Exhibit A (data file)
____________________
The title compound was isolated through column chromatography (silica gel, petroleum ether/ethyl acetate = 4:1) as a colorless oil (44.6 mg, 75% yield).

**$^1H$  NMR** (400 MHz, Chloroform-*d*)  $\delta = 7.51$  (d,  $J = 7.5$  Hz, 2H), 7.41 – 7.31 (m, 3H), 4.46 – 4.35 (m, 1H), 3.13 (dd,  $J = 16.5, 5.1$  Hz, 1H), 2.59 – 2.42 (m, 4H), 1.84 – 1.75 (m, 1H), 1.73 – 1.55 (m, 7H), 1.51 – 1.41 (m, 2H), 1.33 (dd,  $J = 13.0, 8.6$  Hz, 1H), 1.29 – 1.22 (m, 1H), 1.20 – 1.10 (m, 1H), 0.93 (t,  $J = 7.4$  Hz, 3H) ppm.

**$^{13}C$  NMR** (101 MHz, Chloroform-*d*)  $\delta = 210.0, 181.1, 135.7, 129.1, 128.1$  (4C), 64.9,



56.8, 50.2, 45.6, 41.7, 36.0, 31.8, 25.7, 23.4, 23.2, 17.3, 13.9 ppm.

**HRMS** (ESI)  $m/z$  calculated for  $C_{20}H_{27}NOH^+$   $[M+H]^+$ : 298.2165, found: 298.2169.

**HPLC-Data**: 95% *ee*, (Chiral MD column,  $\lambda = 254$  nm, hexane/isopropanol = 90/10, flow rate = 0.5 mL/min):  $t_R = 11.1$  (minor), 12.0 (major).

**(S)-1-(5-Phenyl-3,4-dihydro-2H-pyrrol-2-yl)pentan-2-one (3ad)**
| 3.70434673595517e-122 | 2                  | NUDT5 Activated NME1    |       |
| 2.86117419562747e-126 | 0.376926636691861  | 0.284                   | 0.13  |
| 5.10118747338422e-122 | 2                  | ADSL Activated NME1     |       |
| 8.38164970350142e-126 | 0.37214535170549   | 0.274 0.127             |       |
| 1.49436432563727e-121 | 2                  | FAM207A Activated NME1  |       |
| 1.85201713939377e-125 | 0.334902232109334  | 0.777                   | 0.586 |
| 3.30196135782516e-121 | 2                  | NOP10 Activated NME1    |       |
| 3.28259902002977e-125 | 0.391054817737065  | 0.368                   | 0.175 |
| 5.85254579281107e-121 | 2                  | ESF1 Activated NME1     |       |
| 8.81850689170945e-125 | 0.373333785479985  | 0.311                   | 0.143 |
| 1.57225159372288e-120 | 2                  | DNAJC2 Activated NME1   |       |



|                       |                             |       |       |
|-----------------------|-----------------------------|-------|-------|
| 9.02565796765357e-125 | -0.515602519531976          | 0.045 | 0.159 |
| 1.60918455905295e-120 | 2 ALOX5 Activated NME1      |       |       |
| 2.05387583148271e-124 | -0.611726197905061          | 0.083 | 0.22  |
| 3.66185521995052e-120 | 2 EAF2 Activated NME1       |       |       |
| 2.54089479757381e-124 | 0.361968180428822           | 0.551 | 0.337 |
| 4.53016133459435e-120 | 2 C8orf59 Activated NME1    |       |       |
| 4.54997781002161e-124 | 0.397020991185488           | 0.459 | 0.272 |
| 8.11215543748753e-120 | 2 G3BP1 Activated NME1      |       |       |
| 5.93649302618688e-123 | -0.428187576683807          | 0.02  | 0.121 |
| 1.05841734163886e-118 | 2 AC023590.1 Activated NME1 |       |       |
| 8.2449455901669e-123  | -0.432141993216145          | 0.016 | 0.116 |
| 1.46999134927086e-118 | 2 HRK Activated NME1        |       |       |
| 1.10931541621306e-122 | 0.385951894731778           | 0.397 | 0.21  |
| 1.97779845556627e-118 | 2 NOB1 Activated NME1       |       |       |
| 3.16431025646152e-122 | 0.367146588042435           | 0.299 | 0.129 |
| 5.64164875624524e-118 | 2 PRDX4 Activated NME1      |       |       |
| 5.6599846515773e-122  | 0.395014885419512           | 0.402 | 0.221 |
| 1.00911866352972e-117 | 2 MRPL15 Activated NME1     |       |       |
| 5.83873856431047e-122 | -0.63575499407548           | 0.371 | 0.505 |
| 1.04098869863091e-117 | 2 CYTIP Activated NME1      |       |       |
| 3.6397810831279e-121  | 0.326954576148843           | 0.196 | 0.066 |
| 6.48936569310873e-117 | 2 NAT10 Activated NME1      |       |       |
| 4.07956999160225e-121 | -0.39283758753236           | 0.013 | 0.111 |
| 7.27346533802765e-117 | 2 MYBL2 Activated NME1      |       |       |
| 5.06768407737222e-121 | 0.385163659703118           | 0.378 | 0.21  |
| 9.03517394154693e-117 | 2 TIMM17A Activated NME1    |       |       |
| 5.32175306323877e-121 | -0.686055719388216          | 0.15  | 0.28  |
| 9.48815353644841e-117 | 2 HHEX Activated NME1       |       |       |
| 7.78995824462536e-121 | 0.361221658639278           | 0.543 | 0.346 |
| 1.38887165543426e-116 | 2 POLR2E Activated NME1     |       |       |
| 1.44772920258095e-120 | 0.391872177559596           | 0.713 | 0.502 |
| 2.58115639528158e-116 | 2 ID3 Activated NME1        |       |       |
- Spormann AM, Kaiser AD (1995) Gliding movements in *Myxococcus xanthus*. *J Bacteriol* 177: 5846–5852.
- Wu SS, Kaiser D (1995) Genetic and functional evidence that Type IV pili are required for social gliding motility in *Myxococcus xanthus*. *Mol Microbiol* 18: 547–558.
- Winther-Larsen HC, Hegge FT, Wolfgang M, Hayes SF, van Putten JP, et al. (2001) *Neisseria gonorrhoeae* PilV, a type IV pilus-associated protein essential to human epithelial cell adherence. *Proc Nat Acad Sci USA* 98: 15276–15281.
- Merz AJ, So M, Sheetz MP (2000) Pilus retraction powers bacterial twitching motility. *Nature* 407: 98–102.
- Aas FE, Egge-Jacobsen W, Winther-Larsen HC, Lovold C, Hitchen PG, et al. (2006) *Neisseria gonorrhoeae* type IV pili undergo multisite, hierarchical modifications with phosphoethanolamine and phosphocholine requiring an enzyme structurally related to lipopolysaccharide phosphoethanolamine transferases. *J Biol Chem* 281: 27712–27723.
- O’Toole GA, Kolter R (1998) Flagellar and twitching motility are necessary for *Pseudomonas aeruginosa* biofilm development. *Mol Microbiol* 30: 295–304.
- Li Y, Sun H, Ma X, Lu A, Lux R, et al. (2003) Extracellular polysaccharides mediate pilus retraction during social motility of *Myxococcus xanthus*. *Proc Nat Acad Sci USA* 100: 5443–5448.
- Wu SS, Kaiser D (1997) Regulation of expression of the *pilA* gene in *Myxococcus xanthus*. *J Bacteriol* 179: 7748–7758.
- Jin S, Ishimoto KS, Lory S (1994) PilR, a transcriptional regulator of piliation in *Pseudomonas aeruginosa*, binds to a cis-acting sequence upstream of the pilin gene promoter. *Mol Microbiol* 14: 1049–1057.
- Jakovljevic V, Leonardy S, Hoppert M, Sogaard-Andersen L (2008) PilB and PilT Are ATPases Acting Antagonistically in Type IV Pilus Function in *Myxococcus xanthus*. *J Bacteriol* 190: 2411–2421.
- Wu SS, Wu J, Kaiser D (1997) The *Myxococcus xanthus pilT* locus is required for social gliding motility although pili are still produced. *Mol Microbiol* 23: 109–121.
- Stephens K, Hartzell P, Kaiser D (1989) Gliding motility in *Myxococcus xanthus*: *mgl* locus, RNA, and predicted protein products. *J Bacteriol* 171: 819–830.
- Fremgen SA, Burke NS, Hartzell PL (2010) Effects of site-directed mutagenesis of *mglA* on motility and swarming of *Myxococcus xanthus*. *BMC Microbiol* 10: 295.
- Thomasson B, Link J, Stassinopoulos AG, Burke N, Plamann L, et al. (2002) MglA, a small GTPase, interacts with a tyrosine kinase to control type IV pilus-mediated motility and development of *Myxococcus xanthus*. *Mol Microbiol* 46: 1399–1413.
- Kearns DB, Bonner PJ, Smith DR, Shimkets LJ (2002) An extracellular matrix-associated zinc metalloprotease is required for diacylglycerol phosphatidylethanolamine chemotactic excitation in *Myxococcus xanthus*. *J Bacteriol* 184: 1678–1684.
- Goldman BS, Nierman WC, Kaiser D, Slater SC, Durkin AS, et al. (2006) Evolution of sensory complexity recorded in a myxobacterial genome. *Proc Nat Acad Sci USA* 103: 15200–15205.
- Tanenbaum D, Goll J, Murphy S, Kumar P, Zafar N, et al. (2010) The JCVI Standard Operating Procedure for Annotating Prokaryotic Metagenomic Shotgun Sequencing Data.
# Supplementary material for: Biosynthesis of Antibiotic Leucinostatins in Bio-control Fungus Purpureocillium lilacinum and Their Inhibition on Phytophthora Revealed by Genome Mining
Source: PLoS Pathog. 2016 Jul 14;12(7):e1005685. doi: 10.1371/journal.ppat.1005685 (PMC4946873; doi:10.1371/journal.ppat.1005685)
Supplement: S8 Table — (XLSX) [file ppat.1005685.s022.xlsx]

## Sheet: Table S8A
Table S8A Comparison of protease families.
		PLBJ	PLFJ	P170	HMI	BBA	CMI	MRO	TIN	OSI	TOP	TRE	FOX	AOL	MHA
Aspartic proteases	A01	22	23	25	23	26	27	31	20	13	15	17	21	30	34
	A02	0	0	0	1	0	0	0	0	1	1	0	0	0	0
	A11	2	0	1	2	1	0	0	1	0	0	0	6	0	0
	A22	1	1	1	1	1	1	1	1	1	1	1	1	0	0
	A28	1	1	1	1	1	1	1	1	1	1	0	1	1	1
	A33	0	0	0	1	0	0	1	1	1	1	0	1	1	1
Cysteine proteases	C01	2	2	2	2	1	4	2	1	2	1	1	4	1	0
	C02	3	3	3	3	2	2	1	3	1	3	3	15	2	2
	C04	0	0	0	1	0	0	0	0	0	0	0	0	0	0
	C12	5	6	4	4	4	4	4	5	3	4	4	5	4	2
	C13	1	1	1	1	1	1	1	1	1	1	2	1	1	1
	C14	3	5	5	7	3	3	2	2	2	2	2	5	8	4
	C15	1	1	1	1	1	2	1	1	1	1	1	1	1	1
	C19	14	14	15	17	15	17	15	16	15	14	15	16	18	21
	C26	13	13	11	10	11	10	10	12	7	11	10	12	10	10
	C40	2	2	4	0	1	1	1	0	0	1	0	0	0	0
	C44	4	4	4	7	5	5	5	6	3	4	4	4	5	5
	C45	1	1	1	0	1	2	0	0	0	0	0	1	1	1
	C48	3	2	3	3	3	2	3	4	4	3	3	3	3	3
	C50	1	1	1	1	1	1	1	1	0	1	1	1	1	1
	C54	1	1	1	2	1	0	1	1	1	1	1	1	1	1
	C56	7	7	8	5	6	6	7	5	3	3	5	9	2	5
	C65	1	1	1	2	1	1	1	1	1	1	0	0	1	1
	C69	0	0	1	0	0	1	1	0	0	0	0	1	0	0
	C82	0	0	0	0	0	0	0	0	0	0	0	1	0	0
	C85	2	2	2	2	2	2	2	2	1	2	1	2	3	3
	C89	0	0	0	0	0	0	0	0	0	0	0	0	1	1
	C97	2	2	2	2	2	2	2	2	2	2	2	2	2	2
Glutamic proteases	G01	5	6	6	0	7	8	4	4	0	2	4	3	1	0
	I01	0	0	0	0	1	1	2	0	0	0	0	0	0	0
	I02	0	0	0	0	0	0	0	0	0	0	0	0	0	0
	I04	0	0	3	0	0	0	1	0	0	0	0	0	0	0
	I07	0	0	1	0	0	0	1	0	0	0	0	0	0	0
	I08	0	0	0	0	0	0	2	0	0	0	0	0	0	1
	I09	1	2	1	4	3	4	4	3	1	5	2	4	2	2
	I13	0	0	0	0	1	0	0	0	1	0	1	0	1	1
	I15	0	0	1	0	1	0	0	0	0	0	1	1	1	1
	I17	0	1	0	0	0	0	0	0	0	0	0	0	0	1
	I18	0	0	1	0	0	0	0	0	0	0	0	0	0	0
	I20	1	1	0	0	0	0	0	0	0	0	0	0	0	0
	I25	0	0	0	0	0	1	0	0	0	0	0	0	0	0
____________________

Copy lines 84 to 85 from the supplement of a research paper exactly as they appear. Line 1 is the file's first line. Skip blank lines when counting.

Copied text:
	C04	0	0	0	1	0	0	0	0	0	0	0	0	0	0
	C12	5	6	4	4	4	4	4	5	3	4	4	5	4	2